Integrity is considered to be one of the five core values guiding the behavior of faculty, staff, and students at the University of Central Florida. In reference to integrity, the UCF Creed states that individuals will 'practice and defend academic and personal honesty' (The UCF Creed). Academic integrity can be difficult to define; efforts to do so, however, have described it as encompassing the principles of honesty, responsibility, trust, respect, and fairness; see this report from the Center for Academic Integrity, 2007. In addition, as Olivia Petrie and Cheryl Dickie at the York University Centre for the Support of Teaching note, 'a student with academic integrity earns a degree with honest effort, and knows that this degree is a true accomplishment reflecting years of hard work and genuine learning,' (The Academic Integrity Tutorial, 2009, para. 5).
Fostering academic integrity is not an easy task. It involves the cooperation and support of all levels of university personnel as well as the creation of an environment that encourages honest behavior. It also requires role models. As Hinman (2002) points out, academic integrity is not limited to students but involves the integrity of faculty and university administration as well. In order to promote academic integrity in our students, it is important that the university as a whole embodies the five principles of honesty, responsibility, trust, respect, and fairness.
Here is an introduction to Academic Integrity at UCF.
With the multitude of for-fee essay-writing services and for-free student term papers available on the Internet, concerns about academic honesty are even more prevalent today than they were a few years ago. According to UCF's Rules of Conduct, the most common forms of academic dishonesty are: unauthorized assistance and plagiarism. Unauthorized assistance (often referred to simply as cheating) is defined as, "communication to another through written, visual, or oral means. The presentation of material which has not been studied or learned, but rather was obtained through someone else's efforts and used as part of an examination, course assignment or project. The unauthorized possession or use of examination or course related material may also constitute cheating.' Plagiarism, on the other hand, is defined as anything 'whereby another's work is deliberately used or appropriated without any indication of the source, thereby attempting to convey the impression that such work is the student's own. Any student failing to properly credit ideas or materials taken from another is plagiarizing."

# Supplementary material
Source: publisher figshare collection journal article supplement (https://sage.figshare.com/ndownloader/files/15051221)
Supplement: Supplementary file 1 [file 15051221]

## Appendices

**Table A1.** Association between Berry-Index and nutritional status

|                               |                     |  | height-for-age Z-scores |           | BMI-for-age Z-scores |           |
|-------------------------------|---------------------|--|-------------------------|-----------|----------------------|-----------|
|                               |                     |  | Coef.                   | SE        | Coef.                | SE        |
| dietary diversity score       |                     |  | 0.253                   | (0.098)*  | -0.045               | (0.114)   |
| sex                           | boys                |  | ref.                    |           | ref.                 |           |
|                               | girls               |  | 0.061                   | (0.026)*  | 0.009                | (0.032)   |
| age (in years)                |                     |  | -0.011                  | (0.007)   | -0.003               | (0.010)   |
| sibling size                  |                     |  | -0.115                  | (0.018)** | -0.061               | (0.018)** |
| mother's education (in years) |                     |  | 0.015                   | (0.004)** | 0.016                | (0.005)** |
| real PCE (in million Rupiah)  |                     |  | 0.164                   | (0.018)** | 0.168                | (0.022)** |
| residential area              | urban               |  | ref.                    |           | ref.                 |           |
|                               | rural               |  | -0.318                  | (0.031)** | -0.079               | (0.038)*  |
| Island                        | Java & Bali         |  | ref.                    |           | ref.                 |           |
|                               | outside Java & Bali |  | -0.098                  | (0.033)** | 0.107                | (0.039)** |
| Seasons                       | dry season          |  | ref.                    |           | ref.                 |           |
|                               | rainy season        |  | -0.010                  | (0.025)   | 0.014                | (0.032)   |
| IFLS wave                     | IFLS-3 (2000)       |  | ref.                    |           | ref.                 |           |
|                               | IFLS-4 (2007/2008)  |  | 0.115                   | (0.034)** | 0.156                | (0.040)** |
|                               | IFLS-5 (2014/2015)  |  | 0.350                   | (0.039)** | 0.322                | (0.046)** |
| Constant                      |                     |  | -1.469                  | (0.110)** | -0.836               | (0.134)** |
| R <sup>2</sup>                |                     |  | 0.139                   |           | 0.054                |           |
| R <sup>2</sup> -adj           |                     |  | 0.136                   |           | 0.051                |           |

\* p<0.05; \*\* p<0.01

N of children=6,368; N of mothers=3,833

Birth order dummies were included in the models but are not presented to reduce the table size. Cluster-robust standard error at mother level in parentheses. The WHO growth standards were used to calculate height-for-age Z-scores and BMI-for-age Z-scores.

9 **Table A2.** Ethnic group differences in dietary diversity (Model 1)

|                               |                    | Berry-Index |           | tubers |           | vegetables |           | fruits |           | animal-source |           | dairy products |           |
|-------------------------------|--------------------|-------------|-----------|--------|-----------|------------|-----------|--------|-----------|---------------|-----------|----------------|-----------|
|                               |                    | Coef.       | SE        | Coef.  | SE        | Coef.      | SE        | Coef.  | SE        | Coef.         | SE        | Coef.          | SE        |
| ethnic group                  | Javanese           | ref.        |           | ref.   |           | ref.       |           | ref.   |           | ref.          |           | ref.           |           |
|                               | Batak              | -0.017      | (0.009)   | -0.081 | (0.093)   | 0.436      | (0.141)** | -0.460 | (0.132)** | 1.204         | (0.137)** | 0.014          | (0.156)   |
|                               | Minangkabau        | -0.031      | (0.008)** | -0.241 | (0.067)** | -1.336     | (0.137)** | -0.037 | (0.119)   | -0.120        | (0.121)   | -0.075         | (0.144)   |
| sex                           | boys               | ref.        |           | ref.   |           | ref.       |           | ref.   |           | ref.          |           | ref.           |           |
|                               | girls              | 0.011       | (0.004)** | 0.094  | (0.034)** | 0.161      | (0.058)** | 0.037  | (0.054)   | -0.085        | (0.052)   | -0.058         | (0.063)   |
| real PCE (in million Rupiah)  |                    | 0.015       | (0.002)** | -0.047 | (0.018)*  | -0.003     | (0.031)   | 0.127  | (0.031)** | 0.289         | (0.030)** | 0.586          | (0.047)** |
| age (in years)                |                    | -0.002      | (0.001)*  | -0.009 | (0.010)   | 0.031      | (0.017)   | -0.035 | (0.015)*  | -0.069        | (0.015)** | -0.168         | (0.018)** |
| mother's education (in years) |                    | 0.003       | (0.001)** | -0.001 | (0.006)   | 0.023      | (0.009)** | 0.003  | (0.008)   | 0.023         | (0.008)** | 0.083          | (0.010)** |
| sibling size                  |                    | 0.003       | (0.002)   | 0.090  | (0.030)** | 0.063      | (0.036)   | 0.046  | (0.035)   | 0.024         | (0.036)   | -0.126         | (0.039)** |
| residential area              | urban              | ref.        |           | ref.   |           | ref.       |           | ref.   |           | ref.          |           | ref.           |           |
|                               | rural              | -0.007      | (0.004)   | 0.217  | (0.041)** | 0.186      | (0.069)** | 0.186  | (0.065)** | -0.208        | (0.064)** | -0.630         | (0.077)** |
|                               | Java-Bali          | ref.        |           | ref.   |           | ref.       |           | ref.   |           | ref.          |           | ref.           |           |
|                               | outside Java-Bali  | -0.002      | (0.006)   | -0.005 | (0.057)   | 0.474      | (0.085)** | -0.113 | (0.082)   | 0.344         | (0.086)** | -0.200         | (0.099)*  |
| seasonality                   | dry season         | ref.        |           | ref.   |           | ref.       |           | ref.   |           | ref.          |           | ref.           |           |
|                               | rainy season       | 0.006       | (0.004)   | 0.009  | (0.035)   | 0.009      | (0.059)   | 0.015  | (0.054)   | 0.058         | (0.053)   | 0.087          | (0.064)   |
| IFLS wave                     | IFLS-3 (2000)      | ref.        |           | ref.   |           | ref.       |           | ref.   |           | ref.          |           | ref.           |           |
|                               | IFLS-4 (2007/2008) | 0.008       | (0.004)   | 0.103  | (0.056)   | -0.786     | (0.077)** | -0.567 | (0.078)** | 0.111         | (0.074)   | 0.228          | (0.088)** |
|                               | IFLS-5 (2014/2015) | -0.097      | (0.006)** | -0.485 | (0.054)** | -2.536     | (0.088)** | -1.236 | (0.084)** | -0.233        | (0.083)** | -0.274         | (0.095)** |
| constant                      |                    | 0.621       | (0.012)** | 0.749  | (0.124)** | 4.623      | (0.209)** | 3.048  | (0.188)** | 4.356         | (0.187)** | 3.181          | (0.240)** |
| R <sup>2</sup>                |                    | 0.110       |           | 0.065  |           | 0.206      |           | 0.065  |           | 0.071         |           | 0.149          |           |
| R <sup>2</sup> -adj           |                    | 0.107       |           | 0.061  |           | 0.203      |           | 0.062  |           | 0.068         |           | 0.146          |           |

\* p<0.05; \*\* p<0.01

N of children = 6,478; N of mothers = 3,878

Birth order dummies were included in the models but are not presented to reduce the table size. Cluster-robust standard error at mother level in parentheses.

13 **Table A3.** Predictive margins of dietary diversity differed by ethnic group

There are a few ways faculty can manage academic dishonesty in the classroom. One way is to identify cheating and plagiarism when they occur and to take specific academic and student conduct actions to remedy them. Currently, UCF has an account with turnitin.com to identify student plagiarism. Turnitin.com is a web-based tool that allows faculty to compare student work with other papers in turnitin's databases. The result of submitting a paper to turnitin.com is an overall similarity index, which specifies the originality of each student's paper with other works. Turnitin highlights specific areas of concern in student papers, linking each of these areas to corresponding passages in the original source documents.
Click to view the UCF Plagiarism Statement.
To find out more about turnitin.com, click here.
Academic actions taken in response to student cheating and plagiarism generally consist of counseling, deduction of credit for specific assignments, and/or a failing grade for the course. Student conduct actions, on the other hand, may involve a warning, probation, suspension, expulsion, and/or a mark on a student's permanent record about the incident ee the UCF Office of Student Conduct's Academic Honesty flyer).
A second way that faculty can manage academic dishonesty is by discouraging cheating and plagiarism and encouraging academic integrity. These strategies can be used in conjunction with identifying/correcting academic dishonesty and can have the benefit of deterring students from cheating and plagiarizing in the first place.
Please refer to the following links for resources on how to prevent academic dishonesty and promote academic integrity in your classes.
College of Arts and Humanities At the center of my teaching philosophy is my commitment to challenge students to examine “common sense” knowledge and to think creatively from different perspectives in order to grapple with complex negotiations of religious, political, and cultural identities in different times and places. I ask ...
College of Business Administration I believe it is imperative for students to learn the economic way of thinking and applications of economic theory in their lives, and to use technology to do both. I want students to be able to analyze economic policy and how it influences their decisions, as well as corporate, national and international decis...
College of Sciences Having grown up in communist Poland, my memories of school days include intimidating oral exams in front of the class, punitive pop quizzes, severe discipline, and a symbolic barrier between student and teacher. After more than 20 years in the United States, these memories remind me of the kind of teacher I do not...